Good Work-Life Balance Boosts Future Productivity

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A two-year study, published in the International Journal of Environmental Research and Public Health, found that seemingly innocuous (and very ubiquitous) after-work activities may do you more harm than good if they're connected to your job. When workers email, text and communicate on social media with colleagues and supervisors beyond their actual work hours, they end up crunched for rejuvenation time. The research suggests that it isn't smart to blur the boundaries between your work and home life. If you want to be at your best throughout the week and enjoy the quality sleep and recovery that you need for optimal productivity, reset your work-life balance.

Here's how:

Be selective about your screens:

Television and movies are better for you than you think when it comes to switching your work brain off. Research suggests watching a TV program for pleasure rather than professional progress can help you detach from your work worries. If while using your smartphone or laptop for entertainment, you're tempted to quickly check your work email inbox, text or tweet to a co-worker or work on a business presentation, resist the urge and consider a screen-free activity, such as reading a book or listening to music.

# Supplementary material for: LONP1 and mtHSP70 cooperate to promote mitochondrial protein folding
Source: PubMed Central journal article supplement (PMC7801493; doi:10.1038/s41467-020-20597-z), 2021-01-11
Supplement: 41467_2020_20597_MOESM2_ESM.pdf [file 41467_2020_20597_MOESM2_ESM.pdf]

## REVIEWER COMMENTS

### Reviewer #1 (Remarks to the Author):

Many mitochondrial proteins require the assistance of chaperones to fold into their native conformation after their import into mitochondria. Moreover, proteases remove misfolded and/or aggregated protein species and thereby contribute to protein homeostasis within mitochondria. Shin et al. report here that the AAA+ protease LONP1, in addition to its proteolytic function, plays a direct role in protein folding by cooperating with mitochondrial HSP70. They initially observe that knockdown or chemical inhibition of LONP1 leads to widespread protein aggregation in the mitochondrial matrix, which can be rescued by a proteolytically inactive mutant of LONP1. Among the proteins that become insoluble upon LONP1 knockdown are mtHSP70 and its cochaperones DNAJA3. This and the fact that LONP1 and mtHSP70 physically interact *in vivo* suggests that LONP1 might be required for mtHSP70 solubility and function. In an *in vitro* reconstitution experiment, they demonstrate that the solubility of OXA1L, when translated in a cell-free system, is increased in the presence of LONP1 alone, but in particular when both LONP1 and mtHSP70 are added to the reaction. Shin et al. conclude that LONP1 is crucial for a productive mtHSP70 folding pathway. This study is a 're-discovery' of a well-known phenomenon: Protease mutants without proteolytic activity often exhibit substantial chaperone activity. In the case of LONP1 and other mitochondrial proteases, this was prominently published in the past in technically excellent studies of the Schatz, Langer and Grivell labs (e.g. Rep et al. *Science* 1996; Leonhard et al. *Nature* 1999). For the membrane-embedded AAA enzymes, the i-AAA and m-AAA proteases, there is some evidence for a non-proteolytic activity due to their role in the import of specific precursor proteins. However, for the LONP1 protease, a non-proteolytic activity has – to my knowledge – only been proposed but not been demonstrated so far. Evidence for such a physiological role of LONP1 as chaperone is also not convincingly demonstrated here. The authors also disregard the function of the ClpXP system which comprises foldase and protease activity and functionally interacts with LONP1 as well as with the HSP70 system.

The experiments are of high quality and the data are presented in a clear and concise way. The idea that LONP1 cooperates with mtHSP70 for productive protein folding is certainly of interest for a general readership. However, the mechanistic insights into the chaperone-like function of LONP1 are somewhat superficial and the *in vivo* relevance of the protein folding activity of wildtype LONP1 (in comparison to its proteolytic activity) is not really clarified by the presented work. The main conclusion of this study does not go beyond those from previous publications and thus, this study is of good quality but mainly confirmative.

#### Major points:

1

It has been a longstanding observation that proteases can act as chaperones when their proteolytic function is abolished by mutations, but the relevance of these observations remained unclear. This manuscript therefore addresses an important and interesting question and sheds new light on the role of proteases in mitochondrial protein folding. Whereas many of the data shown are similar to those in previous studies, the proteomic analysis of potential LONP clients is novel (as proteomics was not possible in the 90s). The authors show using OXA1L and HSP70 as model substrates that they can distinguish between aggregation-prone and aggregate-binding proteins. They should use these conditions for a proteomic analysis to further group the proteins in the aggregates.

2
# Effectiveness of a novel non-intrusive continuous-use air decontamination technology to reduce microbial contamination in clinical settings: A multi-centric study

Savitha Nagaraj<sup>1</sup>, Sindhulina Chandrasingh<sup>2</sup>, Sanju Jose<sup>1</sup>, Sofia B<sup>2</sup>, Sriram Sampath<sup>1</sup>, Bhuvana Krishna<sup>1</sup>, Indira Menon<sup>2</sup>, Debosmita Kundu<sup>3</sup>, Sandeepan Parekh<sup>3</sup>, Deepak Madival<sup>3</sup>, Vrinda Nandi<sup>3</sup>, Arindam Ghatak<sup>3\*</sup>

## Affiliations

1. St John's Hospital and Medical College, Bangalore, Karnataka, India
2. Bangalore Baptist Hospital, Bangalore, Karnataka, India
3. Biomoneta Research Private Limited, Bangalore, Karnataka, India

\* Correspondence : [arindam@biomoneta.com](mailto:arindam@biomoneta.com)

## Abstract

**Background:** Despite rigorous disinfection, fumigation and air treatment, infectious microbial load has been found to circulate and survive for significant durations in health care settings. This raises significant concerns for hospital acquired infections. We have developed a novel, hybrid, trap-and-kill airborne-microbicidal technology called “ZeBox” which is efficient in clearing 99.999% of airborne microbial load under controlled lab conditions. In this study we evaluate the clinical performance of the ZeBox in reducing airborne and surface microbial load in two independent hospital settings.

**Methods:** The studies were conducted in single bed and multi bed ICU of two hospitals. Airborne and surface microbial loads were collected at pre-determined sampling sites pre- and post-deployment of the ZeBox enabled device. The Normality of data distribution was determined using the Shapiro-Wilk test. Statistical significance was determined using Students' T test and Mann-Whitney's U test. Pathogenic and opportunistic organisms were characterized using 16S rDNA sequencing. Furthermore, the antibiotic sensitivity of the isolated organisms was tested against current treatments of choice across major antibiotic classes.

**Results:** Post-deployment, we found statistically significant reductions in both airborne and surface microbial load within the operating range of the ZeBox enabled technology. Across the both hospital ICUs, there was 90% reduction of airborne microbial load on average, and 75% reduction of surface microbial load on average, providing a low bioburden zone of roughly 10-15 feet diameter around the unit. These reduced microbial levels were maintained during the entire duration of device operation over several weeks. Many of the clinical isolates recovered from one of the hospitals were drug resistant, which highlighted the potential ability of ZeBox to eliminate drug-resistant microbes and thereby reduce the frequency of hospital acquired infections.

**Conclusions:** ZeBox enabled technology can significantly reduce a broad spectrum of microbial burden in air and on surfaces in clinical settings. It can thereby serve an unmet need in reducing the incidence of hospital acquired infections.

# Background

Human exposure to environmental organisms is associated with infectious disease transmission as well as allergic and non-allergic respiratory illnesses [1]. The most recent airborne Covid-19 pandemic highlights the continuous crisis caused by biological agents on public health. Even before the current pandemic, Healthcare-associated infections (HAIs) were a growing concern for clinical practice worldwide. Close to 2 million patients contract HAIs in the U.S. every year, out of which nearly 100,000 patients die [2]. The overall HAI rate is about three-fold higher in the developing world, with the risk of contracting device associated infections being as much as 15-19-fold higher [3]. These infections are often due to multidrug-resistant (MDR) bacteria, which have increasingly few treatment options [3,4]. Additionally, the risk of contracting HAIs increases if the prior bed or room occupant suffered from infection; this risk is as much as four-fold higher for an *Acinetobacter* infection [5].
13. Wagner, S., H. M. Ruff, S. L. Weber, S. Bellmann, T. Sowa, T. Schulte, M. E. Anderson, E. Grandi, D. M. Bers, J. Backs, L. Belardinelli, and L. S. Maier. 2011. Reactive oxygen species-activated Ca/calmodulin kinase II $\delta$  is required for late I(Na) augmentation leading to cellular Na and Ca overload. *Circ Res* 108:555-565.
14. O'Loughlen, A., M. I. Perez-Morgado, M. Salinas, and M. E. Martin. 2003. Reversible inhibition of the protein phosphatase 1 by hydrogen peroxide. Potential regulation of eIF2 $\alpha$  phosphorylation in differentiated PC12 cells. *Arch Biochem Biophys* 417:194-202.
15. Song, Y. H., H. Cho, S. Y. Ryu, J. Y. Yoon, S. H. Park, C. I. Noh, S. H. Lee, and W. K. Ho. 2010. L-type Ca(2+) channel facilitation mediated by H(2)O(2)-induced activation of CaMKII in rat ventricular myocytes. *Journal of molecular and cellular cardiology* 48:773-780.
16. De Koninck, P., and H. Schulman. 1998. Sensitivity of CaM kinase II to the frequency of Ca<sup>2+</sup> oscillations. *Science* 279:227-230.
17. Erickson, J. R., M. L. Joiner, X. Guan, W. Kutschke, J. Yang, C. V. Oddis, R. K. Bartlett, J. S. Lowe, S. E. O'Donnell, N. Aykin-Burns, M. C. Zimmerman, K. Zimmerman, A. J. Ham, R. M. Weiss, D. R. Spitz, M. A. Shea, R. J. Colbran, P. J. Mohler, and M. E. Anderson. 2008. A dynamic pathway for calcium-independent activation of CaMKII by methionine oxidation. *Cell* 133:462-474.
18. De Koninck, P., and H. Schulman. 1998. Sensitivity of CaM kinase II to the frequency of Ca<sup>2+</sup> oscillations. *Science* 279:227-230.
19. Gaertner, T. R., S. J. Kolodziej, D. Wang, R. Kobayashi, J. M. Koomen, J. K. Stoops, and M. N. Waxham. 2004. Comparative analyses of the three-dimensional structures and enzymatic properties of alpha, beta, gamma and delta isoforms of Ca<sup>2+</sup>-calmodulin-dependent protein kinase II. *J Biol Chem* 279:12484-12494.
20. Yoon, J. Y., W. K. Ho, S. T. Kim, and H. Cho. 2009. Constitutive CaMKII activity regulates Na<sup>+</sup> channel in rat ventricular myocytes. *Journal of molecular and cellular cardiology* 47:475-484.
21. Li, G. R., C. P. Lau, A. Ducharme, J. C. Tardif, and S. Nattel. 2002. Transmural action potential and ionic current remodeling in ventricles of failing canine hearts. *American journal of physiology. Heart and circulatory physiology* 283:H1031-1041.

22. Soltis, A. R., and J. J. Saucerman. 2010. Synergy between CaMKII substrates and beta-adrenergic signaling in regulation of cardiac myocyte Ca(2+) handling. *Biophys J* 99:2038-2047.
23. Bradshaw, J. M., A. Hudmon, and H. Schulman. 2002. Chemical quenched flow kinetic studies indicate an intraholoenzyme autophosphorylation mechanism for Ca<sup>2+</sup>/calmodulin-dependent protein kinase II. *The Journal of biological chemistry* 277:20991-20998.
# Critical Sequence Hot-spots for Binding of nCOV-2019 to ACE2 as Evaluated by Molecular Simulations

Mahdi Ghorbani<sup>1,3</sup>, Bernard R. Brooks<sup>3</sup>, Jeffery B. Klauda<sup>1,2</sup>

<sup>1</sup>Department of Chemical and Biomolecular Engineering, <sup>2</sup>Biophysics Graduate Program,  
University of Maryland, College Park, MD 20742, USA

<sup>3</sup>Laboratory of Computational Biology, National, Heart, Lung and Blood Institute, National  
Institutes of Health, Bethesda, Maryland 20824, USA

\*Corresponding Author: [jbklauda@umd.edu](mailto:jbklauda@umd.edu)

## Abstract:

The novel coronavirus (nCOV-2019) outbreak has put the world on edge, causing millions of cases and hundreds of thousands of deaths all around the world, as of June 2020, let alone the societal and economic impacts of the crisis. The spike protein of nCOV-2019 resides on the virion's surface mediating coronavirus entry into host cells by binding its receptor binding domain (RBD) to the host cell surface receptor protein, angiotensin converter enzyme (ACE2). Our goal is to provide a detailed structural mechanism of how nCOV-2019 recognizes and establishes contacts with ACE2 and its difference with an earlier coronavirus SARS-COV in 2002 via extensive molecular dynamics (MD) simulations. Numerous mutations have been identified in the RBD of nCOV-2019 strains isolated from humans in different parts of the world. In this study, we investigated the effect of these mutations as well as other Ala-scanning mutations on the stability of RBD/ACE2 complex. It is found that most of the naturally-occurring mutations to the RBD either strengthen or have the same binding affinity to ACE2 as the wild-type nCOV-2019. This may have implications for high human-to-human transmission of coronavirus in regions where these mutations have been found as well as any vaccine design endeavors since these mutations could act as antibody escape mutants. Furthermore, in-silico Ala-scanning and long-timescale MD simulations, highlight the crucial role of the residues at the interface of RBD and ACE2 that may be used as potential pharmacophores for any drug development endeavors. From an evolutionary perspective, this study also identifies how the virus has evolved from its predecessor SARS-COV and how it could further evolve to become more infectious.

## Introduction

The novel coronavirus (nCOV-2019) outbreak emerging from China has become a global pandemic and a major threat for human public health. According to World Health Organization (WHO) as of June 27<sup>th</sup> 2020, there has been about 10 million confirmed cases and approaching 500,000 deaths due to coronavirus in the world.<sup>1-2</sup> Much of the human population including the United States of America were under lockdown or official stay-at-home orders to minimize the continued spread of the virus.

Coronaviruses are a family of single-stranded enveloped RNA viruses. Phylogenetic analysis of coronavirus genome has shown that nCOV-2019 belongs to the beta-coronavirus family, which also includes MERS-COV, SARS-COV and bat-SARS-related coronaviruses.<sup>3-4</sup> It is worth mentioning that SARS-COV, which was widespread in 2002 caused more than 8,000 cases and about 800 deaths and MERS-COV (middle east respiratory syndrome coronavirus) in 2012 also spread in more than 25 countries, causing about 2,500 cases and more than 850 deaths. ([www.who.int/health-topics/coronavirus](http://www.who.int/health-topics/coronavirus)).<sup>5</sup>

Create a new after-work routine:

If you’re in the habit of constant connection with your workplace, building a new routine can help you separate home and office life. Checking your smartphone can feel addictive so do what it takes to free yourself from this temptation. Start a new routine to divert your attention from digital devices that serve as umbilical cords to the office.